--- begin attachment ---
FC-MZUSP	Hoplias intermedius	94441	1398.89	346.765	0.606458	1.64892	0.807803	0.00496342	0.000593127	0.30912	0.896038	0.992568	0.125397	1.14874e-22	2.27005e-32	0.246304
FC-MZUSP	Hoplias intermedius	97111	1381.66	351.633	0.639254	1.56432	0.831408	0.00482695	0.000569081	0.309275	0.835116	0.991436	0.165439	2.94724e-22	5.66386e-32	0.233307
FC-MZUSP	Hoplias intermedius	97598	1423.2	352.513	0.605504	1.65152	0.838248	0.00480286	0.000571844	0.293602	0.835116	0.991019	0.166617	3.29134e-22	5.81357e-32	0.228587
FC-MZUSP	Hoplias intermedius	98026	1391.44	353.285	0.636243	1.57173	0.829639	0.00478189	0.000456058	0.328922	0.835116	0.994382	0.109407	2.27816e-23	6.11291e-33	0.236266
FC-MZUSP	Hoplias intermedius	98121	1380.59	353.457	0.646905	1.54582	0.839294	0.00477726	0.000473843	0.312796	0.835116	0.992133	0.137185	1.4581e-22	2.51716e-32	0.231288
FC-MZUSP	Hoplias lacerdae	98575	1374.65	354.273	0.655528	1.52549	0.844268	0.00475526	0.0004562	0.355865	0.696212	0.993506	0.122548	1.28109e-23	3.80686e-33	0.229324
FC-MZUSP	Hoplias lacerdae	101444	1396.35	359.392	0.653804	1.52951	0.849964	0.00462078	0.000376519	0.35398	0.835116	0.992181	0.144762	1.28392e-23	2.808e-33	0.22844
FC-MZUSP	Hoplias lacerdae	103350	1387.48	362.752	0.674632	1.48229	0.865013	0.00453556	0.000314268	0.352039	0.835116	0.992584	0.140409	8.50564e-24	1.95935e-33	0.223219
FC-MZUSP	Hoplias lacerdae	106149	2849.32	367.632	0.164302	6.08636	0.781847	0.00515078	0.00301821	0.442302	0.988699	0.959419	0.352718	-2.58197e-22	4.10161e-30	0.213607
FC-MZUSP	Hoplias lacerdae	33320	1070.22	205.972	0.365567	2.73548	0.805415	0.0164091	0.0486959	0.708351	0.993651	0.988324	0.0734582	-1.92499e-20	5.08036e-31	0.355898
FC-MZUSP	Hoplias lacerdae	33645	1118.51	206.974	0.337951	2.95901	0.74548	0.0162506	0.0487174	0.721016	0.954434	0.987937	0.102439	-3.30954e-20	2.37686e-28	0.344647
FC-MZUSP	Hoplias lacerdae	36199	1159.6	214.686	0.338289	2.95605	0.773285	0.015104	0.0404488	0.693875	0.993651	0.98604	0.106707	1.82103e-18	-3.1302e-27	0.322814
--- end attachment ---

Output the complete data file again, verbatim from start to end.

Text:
FC-MZUSP	Hoplias intermedius	94441	1398.89	346.765	0.606458	1.64892	0.807803	0.00496342	0.000593127	0.30912	0.896038	0.992568	0.125397	1.14874e-22	2.27005e-32	0.246304
FC-MZUSP	Hoplias intermedius	97111	1381.66	351.633	0.639254	1.56432	0.831408	0.00482695	0.000569081	0.309275	0.835116	0.991436	0.165439	2.94724e-22	5.66386e-32	0.233307
FC-MZUSP	Hoplias intermedius	97598	1423.2	352.513	0.605504	1.65152	0.838248	0.00480286	0.000571844	0.293602	0.835116	0.991019	0.166617	3.29134e-22	5.81357e-32	0.228587
FC-MZUSP	Hoplias intermedius	98026	1391.44	353.285	0.636243	1.57173	0.829639	0.00478189	0.000456058	0.328922	0.835116	0.994382	0.109407	2.27816e-23	6.11291e-33	0.236266
FC-MZUSP	Hoplias intermedius	98121	1380.59	353.457	0.646905	1.54582	0.839294	0.00477726	0.000473843	0.312796	0.835116	0.992133	0.137185	1.4581e-22	2.51716e-32	0.231288
FC-MZUSP	Hoplias lacerdae	98575	1374.65	354.273	0.655528	1.52549	0.844268	0.00475526	0.0004562	0.355865	0.696212	0.993506	0.122548	1.28109e-23	3.80686e-33	0.229324
FC-MZUSP	Hoplias lacerdae	101444	1396.35	359.392	0.653804	1.52951	0.849964	0.00462078	0.000376519	0.35398	0.835116	0.992181	0.144762	1.28392e-23	2.808e-33	0.22844
FC-MZUSP	Hoplias lacerdae	103350	1387.48	362.752	0.674632	1.48229	0.865013	0.00453556	0.000314268	0.352039	0.835116	0.992584	0.140409	8.50564e-24	1.95935e-33	0.223219
FC-MZUSP	Hoplias lacerdae	106149	2849.32	367.632	0.164302	6.08636	0.781847	0.00515078	0.00301821	0.442302	0.988699	0.959419	0.352718	-2.58197e-22	4.10161e-30	0.213607
FC-MZUSP	Hoplias lacerdae	33320	1070.22	205.972	0.365567	2.73548	0.805415	0.0164091	0.0486959	0.708351	0.993651	0.988324	0.0734582	-1.92499e-20	5.08036e-31	0.355898
FC-MZUSP	Hoplias lacerdae	33645	1118.51	206.974	0.337951	2.95901	0.74548	0.0162506	0.0487174	0.721016	0.954434	0.987937	0.102439	-3.30954e-20	2.37686e-28	0.344647
FC-MZUSP	Hoplias lacerdae	36199	1159.6	214.686	0.338289	2.95605	0.773285	0.015104	0.0404488	0.693875	0.993651	0.98604	0.106707	1.82103e-18	-3.1302e-27	0.322814